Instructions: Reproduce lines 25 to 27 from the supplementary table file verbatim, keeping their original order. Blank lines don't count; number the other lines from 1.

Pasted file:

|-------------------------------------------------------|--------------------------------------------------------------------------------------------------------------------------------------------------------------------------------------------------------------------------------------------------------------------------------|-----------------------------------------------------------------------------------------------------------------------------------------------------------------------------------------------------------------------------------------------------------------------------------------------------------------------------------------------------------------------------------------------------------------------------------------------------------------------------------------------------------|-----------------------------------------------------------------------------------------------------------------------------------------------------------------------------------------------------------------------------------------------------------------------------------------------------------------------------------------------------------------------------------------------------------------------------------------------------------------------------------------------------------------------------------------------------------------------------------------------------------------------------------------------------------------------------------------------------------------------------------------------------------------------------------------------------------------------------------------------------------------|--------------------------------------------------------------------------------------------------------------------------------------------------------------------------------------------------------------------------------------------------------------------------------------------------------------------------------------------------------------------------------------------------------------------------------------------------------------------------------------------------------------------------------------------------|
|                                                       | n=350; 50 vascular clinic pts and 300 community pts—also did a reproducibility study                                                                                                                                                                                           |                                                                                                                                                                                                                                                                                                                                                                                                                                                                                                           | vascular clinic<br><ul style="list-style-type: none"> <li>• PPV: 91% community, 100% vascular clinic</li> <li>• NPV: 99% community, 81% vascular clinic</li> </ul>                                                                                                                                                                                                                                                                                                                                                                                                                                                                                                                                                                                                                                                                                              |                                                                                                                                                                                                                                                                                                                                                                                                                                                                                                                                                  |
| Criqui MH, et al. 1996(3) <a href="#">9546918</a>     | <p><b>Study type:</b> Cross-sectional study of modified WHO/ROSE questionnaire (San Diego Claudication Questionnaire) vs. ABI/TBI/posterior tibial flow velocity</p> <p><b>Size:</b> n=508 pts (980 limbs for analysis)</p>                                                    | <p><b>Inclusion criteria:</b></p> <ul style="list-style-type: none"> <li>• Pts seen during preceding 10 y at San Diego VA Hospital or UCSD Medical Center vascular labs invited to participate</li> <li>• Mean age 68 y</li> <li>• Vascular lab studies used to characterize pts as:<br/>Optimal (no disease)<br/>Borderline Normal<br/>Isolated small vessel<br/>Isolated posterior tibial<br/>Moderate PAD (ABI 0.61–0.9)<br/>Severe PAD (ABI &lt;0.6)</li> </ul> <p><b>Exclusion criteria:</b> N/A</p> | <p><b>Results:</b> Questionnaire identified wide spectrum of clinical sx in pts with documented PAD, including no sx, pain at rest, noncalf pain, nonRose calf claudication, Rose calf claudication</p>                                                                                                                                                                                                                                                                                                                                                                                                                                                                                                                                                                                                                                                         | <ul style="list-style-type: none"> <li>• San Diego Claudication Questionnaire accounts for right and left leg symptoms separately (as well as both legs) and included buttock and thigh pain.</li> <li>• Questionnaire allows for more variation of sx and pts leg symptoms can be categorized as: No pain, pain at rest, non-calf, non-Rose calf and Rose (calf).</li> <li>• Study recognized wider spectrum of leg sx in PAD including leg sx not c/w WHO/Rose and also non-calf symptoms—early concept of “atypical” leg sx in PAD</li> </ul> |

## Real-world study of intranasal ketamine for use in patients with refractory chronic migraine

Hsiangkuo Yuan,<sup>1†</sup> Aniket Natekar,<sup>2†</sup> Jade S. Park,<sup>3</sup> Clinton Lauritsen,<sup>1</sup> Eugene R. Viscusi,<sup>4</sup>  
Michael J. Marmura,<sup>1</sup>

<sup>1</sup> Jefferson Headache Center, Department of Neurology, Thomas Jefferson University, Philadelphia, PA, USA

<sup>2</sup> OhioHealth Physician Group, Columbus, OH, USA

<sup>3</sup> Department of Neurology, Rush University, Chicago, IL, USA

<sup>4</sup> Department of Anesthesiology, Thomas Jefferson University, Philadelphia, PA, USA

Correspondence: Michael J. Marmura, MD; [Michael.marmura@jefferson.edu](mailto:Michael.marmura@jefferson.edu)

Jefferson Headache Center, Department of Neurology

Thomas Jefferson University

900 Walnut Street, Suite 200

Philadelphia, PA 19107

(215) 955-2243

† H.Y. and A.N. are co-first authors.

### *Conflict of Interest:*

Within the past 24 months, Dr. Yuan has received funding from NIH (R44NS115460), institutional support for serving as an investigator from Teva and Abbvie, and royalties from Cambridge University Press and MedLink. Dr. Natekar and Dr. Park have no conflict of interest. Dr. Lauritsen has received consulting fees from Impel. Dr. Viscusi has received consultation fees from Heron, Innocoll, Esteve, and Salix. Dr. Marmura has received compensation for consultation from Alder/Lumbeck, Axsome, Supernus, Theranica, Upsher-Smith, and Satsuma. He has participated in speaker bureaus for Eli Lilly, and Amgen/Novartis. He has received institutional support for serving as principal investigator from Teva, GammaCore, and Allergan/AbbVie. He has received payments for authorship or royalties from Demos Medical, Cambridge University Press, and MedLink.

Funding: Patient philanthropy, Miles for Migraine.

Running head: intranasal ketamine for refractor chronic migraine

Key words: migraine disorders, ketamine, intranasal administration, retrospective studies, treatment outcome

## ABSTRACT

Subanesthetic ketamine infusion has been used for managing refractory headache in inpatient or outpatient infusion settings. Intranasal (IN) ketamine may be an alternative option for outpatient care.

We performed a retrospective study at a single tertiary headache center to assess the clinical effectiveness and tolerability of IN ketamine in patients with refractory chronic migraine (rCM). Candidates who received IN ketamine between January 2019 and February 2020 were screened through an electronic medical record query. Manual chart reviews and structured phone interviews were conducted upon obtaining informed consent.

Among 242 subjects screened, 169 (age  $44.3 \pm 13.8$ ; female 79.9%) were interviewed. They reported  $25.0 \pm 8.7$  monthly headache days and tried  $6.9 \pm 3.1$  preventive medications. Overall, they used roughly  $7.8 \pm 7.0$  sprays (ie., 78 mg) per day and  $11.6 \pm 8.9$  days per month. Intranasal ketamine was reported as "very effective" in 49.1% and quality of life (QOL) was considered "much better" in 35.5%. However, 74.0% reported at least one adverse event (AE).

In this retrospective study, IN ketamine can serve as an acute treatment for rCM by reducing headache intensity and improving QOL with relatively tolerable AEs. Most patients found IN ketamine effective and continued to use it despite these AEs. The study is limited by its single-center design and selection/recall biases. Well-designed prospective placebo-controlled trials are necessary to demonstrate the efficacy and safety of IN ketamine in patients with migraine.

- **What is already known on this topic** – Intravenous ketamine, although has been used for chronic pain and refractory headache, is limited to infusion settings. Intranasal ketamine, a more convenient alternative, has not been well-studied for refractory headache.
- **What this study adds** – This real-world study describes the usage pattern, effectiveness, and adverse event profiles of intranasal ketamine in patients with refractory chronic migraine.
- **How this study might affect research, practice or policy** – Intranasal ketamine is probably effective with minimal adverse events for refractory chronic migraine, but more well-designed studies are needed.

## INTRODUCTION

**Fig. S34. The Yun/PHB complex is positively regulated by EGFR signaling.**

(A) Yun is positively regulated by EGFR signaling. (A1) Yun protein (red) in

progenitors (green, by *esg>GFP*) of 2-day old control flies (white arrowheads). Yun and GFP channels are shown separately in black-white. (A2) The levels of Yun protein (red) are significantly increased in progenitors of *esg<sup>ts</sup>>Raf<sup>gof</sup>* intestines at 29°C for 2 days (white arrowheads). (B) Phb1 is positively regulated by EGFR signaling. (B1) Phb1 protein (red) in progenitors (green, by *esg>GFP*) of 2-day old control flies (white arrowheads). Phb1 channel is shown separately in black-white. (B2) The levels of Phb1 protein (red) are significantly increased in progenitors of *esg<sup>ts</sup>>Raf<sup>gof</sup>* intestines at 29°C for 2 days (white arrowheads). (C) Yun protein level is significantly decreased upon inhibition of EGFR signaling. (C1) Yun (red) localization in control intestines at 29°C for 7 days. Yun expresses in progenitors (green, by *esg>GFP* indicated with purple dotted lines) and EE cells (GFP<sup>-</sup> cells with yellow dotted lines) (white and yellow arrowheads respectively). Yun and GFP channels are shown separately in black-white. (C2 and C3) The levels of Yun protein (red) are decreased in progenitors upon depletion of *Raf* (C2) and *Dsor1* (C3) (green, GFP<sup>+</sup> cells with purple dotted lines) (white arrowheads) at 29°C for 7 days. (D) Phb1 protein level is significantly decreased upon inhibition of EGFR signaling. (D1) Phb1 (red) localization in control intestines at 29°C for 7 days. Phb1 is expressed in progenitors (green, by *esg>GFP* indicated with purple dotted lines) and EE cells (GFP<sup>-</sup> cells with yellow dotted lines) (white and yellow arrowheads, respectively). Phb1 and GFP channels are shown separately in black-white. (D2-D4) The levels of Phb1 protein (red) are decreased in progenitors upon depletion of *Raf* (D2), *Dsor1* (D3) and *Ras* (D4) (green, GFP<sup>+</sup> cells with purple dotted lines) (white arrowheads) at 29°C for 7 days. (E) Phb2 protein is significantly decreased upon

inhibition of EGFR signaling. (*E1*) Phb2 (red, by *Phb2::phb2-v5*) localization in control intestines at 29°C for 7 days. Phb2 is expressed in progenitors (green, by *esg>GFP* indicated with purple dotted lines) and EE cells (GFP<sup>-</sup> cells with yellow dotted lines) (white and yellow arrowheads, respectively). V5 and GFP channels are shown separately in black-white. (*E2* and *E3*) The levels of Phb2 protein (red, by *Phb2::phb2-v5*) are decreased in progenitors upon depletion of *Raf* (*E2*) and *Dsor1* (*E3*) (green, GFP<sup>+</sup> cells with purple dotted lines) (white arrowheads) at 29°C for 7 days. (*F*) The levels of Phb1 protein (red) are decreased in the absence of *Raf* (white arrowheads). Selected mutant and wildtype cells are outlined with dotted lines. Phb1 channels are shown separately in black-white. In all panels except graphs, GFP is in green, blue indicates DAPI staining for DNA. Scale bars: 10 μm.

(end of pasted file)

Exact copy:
We performed a retrospective study at a single tertiary headache center to assess the clinical effectiveness and tolerability of IN ketamine in patients with refractory chronic migraine (rCM). Candidates who received IN ketamine between January 2019 and February 2020 were screened through an electronic medical record query. Manual chart reviews and structured phone interviews were conducted upon obtaining informed consent.

Among 242 subjects screened, 169 (age  $44.3 \pm 13.8$ ; female 79.9%) were interviewed. They reported  $25.0 \pm 8.7$  monthly headache days and tried  $6.9 \pm 3.1$  preventive medications. Overall, they used roughly  $7.8 \pm 7.0$  sprays (ie., 78 mg) per day and  $11.6 \pm 8.9$  days per month. Intranasal ketamine was reported as "very effective" in 49.1% and quality of life (QOL) was considered "much better" in 35.5%. However, 74.0% reported at least one adverse event (AE).

In this retrospective study, IN ketamine can serve as an acute treatment for rCM by reducing headache intensity and improving QOL with relatively tolerable AEs. Most patients found IN ketamine effective and continued to use it despite these AEs. The study is limited by its single-center design and selection/recall biases. Well-designed prospective placebo-controlled trials are necessary to demonstrate the efficacy and safety of IN ketamine in patients with migraine.